Through a Keyhole Darkly

A first-hand account of life in Afghanistan – Published on Dissident Voice, by Ed Kinane, December 30, 2011.

They will kill me but they will not kill my voice,
because it will be the voice of all Afghan women.
You can cut the flower but  you cannot stop the coming of spring.
— Malalai Joya

Within weeks of my leaving Kabul in mid-August 2011, the US Embassy there was shelled by rocket-propelled grenades. 

The Embassy then “canceled all trips in and out of Afghanistan for its diplomats, and suspended all travel within Afghanistan (14 Sept. 11 Associated Press).”

In my 30 days in Kabul I never saw another westerner outside guarded compounds – except in military convoys. Such fear reveals how illusory any US claims of “progress” have been over these past ten years – despite the hundreds of billions of dollars squandered. Not to mention all the orphans and the numerous number of limbs and lives lost … //

… Malalai & Ian:

Several of  those we meet with are inspiring. Malalai Joya (a pseudonym) is a young woman barely five feet tall. She was elected to Parliament from a remote region, but was drummed out of that august body for publicizing the war crimes of her parliamentary colleagues. While this notoriety led to international speaking tours, it also led to assassination attempts. Malalai only survives by moving with her guards from safe house to safe house.

To find her, we get our directions via several cell phone calls en route; we don’t know our exact destination until moments before we arrive. Through heavy metal doors, we enter one of those unmarked compounds on a nameless unpaved street (typical of Kabul) and are met by two armed men. One stands a few feet off, gun poised, while the other frisks us — and has us snap photos with our cameras and write with our pens to confirm that these aren’t disguised weapons.

Malalai comes out to greet us and invite us inside. Immediately I’m captivated by the care and courage she radiates.  Malalai’s remarks to us suggest why she is a marked woman:

  • If more US troops leave, one more enemy will be gone – no more bombing, no more white phosphorus….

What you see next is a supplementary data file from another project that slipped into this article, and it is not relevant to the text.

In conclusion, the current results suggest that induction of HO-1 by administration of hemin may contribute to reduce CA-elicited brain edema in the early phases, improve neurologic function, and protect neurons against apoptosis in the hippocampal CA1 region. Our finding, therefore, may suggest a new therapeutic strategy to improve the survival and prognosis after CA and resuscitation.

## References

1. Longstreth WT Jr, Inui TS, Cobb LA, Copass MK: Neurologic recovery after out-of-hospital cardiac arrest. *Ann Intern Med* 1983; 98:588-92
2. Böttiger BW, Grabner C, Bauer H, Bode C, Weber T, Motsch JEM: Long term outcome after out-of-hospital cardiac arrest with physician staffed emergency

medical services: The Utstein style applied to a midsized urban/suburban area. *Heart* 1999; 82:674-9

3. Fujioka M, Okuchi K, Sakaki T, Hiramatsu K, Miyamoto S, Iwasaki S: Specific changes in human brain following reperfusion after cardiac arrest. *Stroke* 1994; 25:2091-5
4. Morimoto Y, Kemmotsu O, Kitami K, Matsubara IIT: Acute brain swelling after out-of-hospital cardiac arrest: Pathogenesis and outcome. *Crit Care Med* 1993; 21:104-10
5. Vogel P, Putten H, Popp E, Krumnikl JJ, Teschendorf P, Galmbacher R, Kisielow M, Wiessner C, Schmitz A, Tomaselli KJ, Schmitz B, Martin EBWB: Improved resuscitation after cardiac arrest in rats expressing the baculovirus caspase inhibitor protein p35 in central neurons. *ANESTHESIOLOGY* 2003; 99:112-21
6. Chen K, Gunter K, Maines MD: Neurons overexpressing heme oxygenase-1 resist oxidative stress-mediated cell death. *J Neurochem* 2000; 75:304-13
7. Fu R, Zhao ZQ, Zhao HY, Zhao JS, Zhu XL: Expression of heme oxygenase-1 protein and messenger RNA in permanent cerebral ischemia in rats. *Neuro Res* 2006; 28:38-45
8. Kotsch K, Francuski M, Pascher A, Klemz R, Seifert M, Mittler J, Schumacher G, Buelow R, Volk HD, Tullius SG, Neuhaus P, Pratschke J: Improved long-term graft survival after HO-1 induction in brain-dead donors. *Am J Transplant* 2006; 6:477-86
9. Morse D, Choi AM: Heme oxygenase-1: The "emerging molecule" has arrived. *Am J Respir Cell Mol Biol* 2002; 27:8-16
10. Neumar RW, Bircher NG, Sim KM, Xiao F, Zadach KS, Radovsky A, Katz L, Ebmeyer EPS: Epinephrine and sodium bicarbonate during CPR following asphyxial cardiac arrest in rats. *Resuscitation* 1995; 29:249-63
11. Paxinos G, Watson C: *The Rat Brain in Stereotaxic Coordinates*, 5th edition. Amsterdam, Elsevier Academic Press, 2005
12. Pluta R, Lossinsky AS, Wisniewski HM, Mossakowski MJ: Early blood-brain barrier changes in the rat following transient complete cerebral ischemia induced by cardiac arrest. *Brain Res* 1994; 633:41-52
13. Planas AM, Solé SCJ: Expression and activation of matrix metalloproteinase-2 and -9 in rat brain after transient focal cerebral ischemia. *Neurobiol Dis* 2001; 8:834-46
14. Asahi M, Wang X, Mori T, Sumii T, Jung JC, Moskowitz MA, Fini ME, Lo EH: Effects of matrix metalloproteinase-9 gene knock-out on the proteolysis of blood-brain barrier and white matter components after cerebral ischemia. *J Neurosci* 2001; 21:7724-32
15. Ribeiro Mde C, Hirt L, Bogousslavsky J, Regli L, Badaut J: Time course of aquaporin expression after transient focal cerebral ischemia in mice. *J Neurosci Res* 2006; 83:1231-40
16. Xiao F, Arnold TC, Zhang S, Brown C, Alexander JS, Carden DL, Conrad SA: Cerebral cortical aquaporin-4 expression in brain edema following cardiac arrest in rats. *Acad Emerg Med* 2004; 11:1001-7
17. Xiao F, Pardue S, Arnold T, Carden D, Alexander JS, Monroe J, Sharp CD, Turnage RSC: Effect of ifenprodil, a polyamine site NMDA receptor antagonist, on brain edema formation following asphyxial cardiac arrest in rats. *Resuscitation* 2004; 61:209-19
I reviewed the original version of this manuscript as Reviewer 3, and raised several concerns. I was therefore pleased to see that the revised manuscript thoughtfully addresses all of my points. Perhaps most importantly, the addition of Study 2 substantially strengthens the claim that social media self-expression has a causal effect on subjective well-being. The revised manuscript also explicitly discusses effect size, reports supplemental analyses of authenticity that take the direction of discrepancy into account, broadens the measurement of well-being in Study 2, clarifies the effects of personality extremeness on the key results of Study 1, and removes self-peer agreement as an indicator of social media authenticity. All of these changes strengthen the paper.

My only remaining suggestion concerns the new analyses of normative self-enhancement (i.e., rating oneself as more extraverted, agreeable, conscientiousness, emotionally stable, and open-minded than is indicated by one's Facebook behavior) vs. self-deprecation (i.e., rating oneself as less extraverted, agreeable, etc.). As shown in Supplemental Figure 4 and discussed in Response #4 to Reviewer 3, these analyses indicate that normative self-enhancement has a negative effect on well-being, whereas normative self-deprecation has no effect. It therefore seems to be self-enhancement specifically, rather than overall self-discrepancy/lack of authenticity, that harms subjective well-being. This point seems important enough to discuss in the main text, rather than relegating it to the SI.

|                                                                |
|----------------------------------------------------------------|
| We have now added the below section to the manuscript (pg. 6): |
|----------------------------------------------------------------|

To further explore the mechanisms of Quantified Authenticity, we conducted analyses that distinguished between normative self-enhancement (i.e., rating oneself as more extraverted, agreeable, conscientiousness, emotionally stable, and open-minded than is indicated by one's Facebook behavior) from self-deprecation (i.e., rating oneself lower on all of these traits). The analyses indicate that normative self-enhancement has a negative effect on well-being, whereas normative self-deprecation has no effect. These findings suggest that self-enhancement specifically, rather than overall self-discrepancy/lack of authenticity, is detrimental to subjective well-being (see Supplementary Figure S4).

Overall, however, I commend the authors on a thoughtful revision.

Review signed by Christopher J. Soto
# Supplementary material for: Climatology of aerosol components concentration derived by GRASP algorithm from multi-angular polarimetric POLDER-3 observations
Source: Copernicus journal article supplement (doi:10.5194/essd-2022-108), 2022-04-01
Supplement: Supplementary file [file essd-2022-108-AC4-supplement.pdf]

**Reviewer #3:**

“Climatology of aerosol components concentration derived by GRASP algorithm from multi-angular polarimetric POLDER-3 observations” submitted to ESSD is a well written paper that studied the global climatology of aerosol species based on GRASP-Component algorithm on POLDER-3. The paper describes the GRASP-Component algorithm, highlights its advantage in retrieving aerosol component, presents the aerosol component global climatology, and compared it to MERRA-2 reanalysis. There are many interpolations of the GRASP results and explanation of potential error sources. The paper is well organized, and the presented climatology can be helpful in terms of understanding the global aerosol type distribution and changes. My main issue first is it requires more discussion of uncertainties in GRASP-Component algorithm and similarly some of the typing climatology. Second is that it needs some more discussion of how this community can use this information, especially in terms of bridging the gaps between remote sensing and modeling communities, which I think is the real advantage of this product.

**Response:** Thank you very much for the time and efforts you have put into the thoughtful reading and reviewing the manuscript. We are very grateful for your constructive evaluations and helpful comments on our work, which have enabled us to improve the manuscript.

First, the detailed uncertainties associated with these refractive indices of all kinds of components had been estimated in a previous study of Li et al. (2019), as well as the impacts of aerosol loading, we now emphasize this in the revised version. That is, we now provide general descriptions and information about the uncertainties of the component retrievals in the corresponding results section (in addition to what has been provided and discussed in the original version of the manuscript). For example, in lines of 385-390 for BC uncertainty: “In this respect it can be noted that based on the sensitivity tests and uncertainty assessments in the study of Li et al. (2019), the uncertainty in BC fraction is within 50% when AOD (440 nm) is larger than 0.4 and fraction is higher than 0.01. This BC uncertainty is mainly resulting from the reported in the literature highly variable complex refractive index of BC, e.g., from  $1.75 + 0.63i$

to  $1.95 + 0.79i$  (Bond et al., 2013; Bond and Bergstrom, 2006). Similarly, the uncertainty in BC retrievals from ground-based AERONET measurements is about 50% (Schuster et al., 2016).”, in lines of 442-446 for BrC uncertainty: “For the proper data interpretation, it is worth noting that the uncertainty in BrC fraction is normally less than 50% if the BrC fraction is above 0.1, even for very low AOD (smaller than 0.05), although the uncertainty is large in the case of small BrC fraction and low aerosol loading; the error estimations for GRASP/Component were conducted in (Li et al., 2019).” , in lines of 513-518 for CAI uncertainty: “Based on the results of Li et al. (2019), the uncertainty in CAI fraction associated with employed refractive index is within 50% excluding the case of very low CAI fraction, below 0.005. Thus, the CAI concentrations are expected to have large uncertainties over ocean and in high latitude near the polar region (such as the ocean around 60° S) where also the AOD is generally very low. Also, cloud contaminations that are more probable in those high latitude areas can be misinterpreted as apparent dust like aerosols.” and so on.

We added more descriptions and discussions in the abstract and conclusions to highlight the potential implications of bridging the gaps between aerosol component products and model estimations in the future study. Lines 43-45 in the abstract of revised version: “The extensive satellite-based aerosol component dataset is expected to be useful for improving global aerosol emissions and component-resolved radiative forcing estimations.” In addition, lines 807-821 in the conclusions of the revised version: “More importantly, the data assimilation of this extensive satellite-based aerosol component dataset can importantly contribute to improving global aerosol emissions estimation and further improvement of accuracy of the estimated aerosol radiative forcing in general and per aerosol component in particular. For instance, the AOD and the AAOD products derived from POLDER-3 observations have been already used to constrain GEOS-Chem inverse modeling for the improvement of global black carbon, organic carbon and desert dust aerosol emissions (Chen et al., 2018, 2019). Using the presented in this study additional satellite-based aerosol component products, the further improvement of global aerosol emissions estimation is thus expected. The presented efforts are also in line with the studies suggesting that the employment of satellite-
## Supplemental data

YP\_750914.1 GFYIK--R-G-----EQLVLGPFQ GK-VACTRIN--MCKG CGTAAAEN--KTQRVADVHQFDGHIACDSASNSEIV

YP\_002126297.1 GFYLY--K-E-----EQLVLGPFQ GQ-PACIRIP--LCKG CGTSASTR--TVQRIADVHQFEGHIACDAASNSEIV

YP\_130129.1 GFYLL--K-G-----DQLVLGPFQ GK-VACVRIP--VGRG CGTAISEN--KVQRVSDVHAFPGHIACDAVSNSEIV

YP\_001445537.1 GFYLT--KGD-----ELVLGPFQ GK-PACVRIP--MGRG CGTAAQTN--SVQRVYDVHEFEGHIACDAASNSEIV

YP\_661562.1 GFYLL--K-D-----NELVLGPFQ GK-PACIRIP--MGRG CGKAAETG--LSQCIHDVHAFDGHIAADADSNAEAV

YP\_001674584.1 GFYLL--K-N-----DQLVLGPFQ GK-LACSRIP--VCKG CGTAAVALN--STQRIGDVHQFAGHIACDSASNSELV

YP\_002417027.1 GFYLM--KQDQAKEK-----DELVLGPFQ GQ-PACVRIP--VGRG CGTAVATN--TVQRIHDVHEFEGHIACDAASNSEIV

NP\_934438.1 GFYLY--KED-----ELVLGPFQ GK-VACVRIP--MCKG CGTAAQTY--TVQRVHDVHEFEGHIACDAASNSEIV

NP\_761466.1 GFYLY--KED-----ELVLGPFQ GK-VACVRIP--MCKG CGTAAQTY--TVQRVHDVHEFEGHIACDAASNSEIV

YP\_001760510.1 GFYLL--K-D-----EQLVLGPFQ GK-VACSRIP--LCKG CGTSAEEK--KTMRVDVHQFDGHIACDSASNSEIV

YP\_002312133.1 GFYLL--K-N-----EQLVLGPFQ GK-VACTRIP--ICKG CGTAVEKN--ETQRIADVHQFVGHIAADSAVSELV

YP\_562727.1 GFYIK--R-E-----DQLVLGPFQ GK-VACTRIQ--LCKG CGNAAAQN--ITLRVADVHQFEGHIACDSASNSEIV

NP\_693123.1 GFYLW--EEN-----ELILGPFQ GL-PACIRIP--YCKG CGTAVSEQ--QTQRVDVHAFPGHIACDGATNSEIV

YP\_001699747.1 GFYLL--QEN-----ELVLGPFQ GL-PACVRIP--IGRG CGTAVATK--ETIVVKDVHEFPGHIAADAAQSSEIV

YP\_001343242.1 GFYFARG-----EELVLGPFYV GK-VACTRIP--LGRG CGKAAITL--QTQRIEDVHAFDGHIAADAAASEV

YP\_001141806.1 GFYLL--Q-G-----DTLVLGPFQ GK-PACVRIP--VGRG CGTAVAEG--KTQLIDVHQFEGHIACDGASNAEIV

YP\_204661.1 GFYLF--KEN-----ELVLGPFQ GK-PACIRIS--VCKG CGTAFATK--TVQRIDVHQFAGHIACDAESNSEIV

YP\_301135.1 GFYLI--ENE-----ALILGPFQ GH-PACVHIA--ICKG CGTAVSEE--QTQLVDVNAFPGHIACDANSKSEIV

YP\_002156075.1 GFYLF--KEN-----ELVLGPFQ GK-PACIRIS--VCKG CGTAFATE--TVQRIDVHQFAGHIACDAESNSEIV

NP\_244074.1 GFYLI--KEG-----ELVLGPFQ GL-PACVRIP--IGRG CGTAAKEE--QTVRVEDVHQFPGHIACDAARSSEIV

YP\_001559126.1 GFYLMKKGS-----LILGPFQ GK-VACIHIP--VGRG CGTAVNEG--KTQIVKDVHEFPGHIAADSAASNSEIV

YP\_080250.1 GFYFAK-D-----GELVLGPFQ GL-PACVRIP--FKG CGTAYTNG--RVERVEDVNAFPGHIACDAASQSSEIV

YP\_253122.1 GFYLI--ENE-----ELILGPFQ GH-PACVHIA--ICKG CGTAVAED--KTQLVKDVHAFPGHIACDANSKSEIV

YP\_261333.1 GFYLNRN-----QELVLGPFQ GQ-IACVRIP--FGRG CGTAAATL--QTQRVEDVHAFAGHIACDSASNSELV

• The US military are expanding military bases here. They won’t leave us. They work for Balkanization….It’s a big lie that the U.S. will leave by 2014. [In fact, the US is quietly lobbying the Karzai government to agree to permanent US bases.]
  • When you are in the heart of Asia, you’re surrounded by other countries with oil and gas. From here these can be controlled
  • Under the UN the Taliban have been replaced by the war lords.
  • Afghan and foreign NGOs are corrupt. [She refers to  them as “NGO lords.”]
  • Afghanistan has the second biggest copper mine in the world.
  • Under the Taliban 185 tons of poppy were exported; now over 4000 tons are exported. [Hmmm. Who gets the lion’s share of  drug traffic profit – Afghans or Americans?]

In her “Message on the Tenth Anniversary of NATO’s War and the Occupation  of Afghanistan,” Joya declares:

Ten years ago the US and NATO invaded my country under the fake banners of women’s rights, human rights, and democracy. But after a decade, Afghanistan still remains the most uncivil, most corrupt, and most war torn country in the world. The consequences of the so-called war on terror have only been more bloodshed, crimes, barbarism, human rights and women’s rights violation, which has doubled the miseries and sorrows of our people (7 Oct. 11, CommonDreams.org).

Malalai, it’s clear, is not one of those who entwine their interests with those occupying her country. Check out her memoir: A Woman Among Warlords [Scribner, 2009] … (full long text).

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